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Mayhem is an offence under the common law of England and Wales and other common law jurisdictions. In England and Wales, it has fallen into disuse. In 1992 the Law Commission recommended that it be abolished, and in 1998 the Home Office proposed to abolish it, in the course of codifying the law relating to offences against the person.
It consisted of the intentional and wanton removal of a body part that would handicap a person's ability to defend himself in combat. Under the strict common law definition, this required damage to an eye or a limb, while cutting off an ear or a nose was deemed not sufficiently disabling. Later the meaning of the crime expanded to encompass any mutilation, disfigurement, or crippling act done using any instrument. The noun "mayhem", and the verb "maim", came from Old French mahaigne.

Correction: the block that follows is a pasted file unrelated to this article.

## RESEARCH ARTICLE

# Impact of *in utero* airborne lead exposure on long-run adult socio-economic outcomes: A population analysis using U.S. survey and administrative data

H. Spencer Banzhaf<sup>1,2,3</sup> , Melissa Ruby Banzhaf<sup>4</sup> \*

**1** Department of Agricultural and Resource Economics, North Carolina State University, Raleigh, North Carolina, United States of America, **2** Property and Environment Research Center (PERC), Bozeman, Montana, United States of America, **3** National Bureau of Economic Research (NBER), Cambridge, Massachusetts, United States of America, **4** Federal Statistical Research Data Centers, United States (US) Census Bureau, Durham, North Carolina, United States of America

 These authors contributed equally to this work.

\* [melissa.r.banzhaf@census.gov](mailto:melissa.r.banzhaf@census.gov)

1 Fetter v. Beale
2 The modern doctrine
3 Newer, more usual, meaning
 Fetter v. Beale
The most significant revolution in common-law mayhem doctrine came in 1697, when the King's Bench decided Fetter v. Beale, 91 Eng. Rep. 1122. There, the plaintiff recovered in a battery action against a defendant. Shortly thereafter, "part of his skull by reason of the said battery came out of his head," and the plaintiff brought a subsequent action under mayhem. Though Fetter is also known as an early example of res judicata, it is most significant for expanding the ambit of mayhem to include "loss of the skull."
 The modern doctrine
In modern times, the offense of mayhem has been superseded in many jurisdictions by statutorily defined offenses such as aggravated battery.